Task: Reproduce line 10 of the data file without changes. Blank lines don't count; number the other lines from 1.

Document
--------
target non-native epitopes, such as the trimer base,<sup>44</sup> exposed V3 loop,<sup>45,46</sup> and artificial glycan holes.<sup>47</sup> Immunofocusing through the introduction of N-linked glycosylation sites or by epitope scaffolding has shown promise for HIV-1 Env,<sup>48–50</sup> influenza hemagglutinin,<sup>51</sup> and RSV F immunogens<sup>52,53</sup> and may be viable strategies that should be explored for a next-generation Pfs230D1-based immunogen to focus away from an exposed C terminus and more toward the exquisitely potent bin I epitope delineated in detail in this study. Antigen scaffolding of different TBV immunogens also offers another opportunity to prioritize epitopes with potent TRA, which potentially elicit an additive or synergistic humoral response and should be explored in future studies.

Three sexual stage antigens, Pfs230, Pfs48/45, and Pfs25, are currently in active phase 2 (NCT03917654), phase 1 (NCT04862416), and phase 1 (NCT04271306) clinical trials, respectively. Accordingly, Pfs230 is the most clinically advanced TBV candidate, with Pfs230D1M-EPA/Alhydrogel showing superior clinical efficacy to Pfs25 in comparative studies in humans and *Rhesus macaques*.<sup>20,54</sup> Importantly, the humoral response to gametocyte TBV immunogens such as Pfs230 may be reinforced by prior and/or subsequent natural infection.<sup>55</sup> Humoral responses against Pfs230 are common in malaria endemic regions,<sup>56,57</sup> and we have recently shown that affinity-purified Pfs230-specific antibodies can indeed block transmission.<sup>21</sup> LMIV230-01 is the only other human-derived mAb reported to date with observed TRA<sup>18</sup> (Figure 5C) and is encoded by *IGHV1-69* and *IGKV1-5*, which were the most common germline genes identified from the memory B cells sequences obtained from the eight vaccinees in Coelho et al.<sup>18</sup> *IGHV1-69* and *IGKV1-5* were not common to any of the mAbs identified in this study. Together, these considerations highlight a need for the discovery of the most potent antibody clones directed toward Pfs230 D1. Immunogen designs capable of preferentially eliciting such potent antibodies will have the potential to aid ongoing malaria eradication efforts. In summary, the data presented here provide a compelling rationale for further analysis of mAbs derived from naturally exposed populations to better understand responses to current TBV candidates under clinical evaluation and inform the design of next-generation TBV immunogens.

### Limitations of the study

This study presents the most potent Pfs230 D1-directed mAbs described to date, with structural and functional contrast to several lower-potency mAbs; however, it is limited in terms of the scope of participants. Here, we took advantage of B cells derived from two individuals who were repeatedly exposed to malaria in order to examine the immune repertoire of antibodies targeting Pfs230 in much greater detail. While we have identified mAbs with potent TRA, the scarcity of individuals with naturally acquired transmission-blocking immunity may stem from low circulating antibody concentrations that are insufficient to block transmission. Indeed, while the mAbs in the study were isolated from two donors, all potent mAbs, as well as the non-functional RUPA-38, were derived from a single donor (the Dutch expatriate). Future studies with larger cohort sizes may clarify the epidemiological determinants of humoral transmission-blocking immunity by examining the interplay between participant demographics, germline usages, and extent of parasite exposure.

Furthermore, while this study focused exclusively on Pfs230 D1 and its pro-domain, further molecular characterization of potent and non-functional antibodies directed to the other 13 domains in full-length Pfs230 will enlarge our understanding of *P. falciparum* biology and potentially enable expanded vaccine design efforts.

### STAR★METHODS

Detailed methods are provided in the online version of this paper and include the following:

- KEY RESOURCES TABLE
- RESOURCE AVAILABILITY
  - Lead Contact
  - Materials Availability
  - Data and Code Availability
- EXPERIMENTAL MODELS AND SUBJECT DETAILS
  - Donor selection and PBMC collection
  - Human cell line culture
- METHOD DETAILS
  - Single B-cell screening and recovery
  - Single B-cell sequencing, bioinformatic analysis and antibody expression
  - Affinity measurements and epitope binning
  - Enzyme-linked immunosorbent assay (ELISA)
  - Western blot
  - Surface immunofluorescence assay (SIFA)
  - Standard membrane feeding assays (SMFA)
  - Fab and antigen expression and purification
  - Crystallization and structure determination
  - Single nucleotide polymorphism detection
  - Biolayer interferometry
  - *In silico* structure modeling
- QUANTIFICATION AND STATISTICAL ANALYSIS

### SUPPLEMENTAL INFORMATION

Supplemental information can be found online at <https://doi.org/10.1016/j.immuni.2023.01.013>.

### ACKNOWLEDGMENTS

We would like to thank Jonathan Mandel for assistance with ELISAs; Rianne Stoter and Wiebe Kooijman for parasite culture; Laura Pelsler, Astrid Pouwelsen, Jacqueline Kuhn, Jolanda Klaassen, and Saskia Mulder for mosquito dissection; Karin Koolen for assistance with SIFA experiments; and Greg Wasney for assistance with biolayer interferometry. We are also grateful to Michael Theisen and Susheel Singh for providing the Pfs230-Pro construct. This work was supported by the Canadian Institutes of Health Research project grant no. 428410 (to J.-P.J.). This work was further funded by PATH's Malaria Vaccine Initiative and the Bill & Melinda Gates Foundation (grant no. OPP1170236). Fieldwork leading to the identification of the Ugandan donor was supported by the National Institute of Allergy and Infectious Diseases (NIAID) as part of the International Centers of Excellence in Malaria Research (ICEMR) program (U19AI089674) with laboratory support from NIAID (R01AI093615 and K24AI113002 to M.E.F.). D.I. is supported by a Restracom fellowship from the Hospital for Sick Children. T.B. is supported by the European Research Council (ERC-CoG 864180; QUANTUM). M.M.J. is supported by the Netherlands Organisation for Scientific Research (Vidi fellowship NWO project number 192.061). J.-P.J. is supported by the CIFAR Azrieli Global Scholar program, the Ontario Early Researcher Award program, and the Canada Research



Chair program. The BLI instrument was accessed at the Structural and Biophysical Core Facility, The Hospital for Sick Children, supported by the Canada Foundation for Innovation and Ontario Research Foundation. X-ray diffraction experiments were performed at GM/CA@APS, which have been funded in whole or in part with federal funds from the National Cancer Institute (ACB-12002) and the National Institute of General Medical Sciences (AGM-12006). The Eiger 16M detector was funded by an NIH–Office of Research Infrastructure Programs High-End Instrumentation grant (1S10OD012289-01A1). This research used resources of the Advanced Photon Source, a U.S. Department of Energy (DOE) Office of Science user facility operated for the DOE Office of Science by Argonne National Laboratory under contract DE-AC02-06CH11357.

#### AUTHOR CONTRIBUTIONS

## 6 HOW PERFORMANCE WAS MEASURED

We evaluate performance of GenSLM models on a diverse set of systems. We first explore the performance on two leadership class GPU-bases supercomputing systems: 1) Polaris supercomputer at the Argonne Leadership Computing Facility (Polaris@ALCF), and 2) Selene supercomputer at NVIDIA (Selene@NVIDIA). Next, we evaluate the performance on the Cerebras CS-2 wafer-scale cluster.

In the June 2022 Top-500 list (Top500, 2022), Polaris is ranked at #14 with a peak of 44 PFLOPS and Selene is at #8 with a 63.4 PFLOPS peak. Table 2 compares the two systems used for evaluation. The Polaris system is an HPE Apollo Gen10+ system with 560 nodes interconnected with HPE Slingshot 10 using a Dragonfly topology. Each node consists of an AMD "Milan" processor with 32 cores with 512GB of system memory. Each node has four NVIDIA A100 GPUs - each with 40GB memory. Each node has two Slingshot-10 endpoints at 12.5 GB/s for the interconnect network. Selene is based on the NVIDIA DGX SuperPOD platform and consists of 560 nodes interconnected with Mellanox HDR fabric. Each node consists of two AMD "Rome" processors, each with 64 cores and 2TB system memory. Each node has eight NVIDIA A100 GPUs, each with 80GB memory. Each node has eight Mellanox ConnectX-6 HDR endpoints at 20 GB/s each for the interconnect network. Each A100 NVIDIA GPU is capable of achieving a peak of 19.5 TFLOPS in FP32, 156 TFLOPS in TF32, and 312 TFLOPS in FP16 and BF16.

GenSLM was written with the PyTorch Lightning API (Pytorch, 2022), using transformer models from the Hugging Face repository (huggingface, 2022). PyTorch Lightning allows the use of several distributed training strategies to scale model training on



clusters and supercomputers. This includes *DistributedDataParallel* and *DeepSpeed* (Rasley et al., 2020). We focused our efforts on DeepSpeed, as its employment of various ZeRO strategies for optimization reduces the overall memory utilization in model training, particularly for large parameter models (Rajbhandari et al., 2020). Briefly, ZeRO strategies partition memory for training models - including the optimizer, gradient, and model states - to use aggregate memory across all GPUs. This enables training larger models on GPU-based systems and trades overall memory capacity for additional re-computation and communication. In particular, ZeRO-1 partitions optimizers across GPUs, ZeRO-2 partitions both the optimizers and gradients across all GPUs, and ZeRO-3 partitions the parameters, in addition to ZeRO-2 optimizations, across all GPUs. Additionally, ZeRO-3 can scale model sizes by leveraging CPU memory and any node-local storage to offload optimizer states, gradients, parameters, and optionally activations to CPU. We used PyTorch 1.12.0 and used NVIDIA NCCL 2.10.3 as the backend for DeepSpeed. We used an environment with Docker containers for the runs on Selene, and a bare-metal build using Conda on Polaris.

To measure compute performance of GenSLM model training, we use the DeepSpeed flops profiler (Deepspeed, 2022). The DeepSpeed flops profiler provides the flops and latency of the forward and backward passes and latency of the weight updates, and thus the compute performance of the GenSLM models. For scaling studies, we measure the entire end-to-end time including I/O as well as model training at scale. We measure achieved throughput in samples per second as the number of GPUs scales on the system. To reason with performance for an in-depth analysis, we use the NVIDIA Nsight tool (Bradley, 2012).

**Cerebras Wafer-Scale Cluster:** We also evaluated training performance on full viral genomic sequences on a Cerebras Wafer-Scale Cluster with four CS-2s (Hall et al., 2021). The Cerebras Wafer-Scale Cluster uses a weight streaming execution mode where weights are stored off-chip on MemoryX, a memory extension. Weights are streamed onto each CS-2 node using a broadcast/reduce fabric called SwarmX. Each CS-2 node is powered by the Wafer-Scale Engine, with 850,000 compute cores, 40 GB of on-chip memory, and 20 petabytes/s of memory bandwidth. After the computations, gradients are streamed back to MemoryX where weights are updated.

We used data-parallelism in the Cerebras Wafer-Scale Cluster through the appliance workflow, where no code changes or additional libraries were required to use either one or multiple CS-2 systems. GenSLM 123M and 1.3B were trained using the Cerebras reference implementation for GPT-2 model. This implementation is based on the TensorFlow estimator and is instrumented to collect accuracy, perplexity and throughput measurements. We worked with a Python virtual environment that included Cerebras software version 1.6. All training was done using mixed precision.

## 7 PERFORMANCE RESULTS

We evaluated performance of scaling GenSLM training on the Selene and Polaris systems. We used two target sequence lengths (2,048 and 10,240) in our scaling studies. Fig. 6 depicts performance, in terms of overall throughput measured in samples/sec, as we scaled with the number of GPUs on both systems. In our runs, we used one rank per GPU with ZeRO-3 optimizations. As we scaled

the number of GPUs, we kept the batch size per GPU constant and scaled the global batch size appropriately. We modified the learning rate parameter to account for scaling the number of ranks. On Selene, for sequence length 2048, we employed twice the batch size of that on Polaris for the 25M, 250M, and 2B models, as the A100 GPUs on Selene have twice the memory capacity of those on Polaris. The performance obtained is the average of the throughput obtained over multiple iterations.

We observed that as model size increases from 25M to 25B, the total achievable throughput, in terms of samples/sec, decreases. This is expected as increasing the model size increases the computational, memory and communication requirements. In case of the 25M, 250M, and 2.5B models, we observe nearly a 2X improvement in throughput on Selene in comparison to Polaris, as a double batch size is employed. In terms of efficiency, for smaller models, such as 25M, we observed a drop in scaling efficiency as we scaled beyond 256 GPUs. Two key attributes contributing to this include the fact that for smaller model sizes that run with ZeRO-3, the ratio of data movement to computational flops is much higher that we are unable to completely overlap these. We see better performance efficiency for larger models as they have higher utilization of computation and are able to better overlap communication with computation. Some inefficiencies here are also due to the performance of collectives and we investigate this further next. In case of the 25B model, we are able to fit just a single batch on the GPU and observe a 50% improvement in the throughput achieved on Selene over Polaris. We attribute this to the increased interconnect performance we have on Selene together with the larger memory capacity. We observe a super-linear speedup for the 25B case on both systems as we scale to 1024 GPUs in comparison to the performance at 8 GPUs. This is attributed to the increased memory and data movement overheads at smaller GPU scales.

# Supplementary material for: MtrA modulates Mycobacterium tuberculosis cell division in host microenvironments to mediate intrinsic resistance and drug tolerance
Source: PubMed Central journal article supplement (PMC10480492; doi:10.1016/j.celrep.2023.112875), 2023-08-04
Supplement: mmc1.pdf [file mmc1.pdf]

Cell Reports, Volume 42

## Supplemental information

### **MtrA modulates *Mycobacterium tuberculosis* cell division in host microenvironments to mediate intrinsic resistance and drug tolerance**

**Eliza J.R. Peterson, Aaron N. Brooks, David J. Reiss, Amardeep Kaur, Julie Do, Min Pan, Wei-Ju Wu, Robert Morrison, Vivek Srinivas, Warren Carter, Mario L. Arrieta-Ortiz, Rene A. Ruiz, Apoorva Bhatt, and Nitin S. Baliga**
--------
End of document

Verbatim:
  - Lead Contact